From time to time, fashion-conscious Radleians have called for relaxation in the dress codes. Demands for more exciting ties, for waistcoats, or for coloured socks appear throughout the school magazine, but seldom any complaint about the gown. Even in the 1960s, the gown was seen as the distinguishing mark of Radley: ‘far from being a visible mark of an outwardly conservative view of life… it enables Radley to identify itself as having an individual personality.’ Indeed, the only downside to wearing gowns appeared to be the problem of riding a bicycle.
It is the head-gear which has undergone a more complicated history. As early as the 1850s head-gear now showed not academic status but sporting prowess as the football fez, cricket cap and rowing boater featured more often in group photos.
The sporting caps made their appearance from the 1850s, when the earliest boat crew were photographed in 1857 in boaters with a red/pink and white band. The cricket caps, originally pink with a white line, and football fezes appear in photos from 1866.
‘When Football was first played at Radley we used to wear knitted woollen caps of various colours, such as were worn in those days by draymen. Sometimes these caps were close-fitting, like skull-caps, and sometimes they hung down the back of the head with a tassel attached. In course of time this kind of head-gear was voted childish and gaudy, and sensible caps, similar to those used at Rugby or Marlborough, were adopted. I cannot remember the date, but probably it was soon after 1852; We chose red and white, as those colours had already been selected for the Eight.” On this latter point another Old Radleian writes :-” As to the caps, I should guess that they were started in 1858 or thereabouts but I am very hazy as to date, though I very well remember their first introduction. I have my old one still – red velvet with silver lines six of them-and a silver line running round the edge, and a silver. tassel.’ (Raikes, 1897)
Sporting caps were awarded for particular prowess but there was from the first an actual school cap which was to be worn outside the grounds. It started under Sewell with a black and red check. In September, 1858, it was changed to a red cap with a white band round the edge, and a red peak also edged with white. In the early 1860s surprising variations of this pattern came in; ‘every combination of red and white that could be, shown on a play-cap was adopted by various members of the School, the most favourite device being a great white star on the top of a red flannel cap.’ These caps were worn for most games by most boys, who generally played in their day-wear. At one point, boys who were in mourning were allowed to wear a black cap, but this rapidly became a fashion accessory for the whole school. Bowler hats were worn by the seniors, again as a fashion statement rather than as school uniform. By the 1950s the school cap had become a virulent dark pink. It was compulsory to wear it outside school and several local neighbours still remember the derogatory term ‘Raspberries’ which they applied to Radley boys. This vanished sometime in the 1960s.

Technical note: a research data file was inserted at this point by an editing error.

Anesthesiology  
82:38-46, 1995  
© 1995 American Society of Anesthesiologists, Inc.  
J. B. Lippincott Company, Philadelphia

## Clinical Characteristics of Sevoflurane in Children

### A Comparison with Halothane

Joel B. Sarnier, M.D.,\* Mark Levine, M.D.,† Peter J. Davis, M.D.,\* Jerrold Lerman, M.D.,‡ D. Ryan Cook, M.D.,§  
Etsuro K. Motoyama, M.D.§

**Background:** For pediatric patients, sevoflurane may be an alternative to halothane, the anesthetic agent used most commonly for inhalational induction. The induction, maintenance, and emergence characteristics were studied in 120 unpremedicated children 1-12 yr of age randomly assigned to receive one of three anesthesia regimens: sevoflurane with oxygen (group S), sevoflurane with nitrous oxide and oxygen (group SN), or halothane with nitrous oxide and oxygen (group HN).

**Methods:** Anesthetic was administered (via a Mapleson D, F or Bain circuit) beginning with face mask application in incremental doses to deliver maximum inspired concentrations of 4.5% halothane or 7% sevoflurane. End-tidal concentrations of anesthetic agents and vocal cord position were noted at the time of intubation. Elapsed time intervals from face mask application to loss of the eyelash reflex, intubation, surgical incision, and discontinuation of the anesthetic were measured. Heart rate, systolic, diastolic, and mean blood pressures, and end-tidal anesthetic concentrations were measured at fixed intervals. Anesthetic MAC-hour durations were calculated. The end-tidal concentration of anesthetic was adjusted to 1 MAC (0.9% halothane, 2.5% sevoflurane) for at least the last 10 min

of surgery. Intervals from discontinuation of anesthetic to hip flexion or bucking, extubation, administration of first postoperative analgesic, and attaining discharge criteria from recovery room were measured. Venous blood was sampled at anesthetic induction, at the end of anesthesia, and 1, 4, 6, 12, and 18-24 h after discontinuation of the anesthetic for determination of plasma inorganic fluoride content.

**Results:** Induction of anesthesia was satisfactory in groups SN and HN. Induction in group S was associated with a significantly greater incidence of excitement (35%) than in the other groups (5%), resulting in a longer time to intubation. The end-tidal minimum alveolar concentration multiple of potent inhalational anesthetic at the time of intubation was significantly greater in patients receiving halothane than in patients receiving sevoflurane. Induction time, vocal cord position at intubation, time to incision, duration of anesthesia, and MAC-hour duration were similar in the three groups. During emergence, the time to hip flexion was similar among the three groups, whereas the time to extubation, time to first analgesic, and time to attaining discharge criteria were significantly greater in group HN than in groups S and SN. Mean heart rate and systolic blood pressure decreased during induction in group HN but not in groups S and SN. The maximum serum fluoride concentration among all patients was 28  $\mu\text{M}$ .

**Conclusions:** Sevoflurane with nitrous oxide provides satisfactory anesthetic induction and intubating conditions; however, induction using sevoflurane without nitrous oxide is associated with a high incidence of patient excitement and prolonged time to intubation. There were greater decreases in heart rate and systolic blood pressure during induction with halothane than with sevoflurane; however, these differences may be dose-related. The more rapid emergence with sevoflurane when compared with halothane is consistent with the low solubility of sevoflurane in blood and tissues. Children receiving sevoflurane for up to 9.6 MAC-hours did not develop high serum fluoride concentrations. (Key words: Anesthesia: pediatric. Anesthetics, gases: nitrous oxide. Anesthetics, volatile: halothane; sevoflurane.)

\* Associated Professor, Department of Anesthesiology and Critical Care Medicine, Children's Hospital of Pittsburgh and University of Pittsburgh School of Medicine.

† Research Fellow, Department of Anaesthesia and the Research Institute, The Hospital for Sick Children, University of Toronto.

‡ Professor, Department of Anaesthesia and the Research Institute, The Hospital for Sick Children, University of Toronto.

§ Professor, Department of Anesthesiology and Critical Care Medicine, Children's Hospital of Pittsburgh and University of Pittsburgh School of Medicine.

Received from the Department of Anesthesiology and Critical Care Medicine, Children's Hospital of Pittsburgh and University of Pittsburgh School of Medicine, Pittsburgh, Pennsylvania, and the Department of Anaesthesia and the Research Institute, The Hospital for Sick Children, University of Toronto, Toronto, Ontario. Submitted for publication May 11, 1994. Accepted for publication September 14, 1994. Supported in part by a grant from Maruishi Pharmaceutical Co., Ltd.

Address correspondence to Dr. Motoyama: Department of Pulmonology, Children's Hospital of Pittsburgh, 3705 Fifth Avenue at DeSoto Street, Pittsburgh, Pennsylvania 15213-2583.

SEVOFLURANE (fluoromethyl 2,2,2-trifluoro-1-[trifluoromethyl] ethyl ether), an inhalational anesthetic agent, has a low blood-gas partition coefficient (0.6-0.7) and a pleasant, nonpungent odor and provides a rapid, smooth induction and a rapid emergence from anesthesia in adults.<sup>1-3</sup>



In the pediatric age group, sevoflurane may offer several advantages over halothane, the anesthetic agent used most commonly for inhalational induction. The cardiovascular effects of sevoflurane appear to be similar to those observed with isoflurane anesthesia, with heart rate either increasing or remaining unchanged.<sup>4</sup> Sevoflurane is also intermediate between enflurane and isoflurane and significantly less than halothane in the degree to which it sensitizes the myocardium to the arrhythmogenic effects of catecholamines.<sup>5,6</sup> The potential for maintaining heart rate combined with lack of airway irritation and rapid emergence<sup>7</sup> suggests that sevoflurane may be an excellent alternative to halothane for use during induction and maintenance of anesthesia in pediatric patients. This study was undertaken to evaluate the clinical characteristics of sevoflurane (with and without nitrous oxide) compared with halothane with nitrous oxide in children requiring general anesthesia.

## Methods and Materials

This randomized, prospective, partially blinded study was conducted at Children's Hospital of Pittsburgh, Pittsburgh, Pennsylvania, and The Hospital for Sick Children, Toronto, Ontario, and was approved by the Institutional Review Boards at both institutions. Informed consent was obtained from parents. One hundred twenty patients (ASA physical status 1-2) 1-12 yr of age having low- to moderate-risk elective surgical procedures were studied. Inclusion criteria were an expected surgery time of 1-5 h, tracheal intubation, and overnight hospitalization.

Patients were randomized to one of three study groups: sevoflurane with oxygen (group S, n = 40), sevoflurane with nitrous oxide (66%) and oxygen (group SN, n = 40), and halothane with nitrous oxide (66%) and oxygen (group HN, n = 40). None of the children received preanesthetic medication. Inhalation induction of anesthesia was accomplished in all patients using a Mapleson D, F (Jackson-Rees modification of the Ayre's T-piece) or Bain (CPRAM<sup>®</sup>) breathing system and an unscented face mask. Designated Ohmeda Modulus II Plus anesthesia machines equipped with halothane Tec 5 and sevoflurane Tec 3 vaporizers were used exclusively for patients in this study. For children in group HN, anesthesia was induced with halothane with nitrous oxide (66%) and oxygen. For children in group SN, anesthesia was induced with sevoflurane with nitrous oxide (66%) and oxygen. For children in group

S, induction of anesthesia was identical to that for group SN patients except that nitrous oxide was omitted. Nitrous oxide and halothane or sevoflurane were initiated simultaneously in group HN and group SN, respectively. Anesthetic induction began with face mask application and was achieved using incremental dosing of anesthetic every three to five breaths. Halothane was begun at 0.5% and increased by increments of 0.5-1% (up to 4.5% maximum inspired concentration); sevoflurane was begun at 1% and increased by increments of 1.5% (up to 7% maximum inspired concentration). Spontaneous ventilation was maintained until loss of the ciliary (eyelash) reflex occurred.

On giving up a gown for the last time
Farewell, at last, farewell, my dear old tattered gown!
No longer shall I hitch you up, when you are faIling down.
My mortar board and surplice, I soon shall haveforsook ’em,
And you must bid a sad adieu to tireless Messrs. Hookham.
For five long years I’ve worn you; you have a greenish hue:
Some parts of you have lasted out, some parts are almost new.
At times you’ve decked my ‘cuby,’ you’ve graced my study door,
You’ve helped to dry my tea things, you’ve even mopped the floor.
Sometimes you looked impressive, your smell was always rank tho’,
For I never could erase the stains of khaki blanco.
But all things now considered I could not be so cruel
As to be so very bitter to a partner in life’s duel.
And now your time is over, perhaps like Caesar’s clay,
You’ll stop a windy hole to keep the wind away. (The Radleian, 1929)
Clare Sargent, 2023